Saudi Arabia has the third-highest percentage of women holding entrepreneurial roles, according to a report by London-based Global Entrepreneurship Monitor (GEM) which included 43 countries.
A total of 17.7 percent of the Kingdom’s women are engaged in entrepreneurial activity, according to the survey, compared to 17 percent of Saudi men.
Most of the developed countries included in the report had lower rates of female entrepreneurship than Saudi Arabia, with the majority having between 50 to 100 percent more male entrepreneurs.
Developing countries had higher levels of female entrepreneurship, including Angola, which topped the list at 51.1 percent.
Panama was second with 29.1 percent and Saudi Arabia was third.
Overall female employment levels have soared in recent years, after Crown Prince Mohammed bin Salman’s Vision 2030, implemented in 2016, brought about huge changes in women’s rights in the Kingdom.
It outlined, among other things, the goal of creating one million jobs for women by 2030.
In 2020, labor force participation for Saudi women rose from 25.9 percent in the first quarter to 31.4 percent in the second quarter.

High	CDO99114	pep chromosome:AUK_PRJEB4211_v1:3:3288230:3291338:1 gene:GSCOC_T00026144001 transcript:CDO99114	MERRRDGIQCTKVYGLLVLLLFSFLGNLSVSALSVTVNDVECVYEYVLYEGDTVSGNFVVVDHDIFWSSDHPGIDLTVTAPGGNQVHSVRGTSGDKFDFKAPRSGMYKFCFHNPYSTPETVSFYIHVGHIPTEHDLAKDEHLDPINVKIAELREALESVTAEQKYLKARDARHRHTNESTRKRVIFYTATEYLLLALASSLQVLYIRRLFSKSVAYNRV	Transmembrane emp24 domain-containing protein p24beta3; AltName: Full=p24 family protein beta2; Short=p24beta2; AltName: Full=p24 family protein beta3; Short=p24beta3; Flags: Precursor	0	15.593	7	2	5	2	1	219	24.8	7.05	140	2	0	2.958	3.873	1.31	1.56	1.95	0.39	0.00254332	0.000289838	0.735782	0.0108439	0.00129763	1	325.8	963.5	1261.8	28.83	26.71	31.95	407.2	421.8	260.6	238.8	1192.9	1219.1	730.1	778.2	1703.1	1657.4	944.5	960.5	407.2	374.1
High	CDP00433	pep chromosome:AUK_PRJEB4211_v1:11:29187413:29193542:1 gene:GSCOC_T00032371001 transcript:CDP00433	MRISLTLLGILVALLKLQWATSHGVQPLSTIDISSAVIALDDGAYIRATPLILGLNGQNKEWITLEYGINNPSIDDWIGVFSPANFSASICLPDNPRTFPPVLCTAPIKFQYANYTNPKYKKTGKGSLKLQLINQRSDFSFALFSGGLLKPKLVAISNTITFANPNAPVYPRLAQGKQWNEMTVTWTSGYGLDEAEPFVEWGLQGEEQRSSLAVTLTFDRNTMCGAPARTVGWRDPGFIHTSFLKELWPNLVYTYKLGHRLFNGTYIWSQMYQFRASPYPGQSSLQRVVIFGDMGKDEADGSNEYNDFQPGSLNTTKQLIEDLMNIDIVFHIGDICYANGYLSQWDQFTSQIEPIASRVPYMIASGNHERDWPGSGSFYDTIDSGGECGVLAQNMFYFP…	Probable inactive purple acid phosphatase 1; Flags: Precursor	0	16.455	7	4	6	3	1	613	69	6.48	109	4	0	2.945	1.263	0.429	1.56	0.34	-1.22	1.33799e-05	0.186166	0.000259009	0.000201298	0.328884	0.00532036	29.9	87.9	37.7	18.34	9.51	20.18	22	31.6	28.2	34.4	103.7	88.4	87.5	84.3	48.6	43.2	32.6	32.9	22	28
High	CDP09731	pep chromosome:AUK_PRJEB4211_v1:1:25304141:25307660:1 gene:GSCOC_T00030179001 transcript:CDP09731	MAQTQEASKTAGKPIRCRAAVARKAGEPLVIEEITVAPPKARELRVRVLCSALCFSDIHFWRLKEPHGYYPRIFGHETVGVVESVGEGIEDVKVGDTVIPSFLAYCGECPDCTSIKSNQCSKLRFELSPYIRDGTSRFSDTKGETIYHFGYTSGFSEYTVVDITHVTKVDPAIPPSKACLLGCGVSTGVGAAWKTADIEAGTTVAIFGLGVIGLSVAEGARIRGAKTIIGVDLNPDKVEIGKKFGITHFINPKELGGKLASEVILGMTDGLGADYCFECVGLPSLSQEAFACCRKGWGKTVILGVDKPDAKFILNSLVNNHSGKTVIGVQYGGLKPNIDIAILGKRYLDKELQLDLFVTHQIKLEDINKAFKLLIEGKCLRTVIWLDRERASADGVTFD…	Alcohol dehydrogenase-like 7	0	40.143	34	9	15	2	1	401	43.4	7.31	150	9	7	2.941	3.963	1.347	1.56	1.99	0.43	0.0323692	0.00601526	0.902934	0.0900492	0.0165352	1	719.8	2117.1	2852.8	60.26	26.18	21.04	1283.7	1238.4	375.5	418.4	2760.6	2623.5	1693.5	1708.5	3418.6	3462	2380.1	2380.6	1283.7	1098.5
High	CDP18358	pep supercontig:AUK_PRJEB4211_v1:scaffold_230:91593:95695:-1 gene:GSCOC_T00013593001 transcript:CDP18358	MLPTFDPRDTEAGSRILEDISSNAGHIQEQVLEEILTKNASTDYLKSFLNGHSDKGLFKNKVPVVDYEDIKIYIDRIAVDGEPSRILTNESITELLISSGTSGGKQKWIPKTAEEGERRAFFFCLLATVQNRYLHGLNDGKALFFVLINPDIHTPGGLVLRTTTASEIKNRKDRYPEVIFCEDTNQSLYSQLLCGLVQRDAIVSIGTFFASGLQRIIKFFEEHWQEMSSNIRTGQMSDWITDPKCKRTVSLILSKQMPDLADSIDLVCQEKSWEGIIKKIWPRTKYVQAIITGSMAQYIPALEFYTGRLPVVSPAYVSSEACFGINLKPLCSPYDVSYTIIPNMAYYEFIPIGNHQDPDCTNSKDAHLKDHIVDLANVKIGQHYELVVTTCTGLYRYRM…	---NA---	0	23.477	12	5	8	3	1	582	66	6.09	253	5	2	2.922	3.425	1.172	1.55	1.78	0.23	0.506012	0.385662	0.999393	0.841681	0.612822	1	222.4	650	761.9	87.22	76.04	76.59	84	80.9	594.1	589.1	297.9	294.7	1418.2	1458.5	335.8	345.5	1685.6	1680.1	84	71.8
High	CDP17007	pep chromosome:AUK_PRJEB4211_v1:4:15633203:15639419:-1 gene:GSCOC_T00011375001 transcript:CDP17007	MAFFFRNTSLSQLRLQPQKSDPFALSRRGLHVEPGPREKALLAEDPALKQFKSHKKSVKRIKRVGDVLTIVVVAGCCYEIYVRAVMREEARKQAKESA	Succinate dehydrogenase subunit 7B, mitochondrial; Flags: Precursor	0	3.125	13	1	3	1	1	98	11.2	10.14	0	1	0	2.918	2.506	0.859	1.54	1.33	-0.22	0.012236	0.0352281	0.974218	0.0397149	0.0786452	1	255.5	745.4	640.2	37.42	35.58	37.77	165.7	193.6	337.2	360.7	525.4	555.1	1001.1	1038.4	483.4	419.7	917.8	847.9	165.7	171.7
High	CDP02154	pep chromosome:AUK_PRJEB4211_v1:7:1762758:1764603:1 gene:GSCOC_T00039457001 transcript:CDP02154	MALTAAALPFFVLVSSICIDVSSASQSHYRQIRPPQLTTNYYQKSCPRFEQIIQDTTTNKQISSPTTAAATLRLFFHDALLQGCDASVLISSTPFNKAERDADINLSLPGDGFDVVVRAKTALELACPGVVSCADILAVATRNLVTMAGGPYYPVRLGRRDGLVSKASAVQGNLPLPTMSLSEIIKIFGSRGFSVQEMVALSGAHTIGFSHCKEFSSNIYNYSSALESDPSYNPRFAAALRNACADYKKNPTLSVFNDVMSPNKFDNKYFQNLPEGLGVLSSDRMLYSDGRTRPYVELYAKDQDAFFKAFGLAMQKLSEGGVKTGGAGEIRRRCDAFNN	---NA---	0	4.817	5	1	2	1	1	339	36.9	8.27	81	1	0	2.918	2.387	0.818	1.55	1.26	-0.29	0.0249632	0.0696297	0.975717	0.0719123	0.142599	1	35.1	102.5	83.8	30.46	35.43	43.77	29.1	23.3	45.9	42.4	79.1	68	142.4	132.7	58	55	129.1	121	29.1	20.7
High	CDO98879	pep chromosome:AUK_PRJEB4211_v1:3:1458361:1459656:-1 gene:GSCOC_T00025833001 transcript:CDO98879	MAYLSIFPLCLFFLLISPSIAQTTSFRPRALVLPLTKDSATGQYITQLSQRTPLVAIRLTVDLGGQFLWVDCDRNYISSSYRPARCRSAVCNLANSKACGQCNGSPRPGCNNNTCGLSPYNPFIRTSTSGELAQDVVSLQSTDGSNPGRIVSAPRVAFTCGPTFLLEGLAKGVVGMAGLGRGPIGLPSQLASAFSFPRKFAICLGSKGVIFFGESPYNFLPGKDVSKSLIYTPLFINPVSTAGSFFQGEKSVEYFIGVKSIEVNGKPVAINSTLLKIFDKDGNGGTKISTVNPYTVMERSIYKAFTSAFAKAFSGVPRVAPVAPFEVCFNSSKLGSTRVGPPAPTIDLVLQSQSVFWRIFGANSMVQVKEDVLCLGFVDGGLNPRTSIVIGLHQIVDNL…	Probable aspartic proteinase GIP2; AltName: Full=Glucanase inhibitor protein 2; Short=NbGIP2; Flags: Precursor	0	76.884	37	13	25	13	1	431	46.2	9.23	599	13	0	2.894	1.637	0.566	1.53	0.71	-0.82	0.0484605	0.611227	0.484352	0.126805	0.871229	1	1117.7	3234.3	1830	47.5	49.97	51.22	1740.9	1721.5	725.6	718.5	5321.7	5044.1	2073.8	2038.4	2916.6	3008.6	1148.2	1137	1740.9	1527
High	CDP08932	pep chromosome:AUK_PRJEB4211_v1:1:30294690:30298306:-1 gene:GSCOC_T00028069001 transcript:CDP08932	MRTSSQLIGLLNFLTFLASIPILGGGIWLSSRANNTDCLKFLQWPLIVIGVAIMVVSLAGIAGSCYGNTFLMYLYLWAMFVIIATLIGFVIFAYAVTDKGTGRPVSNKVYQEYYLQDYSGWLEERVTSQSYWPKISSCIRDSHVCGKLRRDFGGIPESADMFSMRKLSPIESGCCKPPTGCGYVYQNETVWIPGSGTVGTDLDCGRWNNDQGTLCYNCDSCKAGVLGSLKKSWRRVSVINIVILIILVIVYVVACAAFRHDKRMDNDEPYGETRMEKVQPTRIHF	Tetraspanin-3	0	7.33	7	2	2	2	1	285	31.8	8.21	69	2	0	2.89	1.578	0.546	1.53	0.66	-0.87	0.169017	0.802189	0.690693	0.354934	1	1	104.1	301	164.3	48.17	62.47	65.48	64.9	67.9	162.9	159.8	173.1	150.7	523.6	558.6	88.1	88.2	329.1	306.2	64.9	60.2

In the last four years, female unemployment fell by 13.9 percent.
Since September 14, 2020, women cannot be discriminated against according to their gender when it comes to private sector salaries.
The Kingdom’s wider business environment was found to be favorable in the GEM survey. More than 80 percent of adults said that they perceived good opportunities to start a business.
However, an entrepreneurial mindset and good business environment did not always translate into taking action, as more than half of Saudis surveyed said that they “see good opportunities but would not start a business for fear that it might fail.”
The GEM report was put together after two surveys were conducted for each country. One survey featured interviews with a random sample of at least 2,000 adults between the ages of 18 and 64, and the second survey focuses on entrepreneurs and business leaders.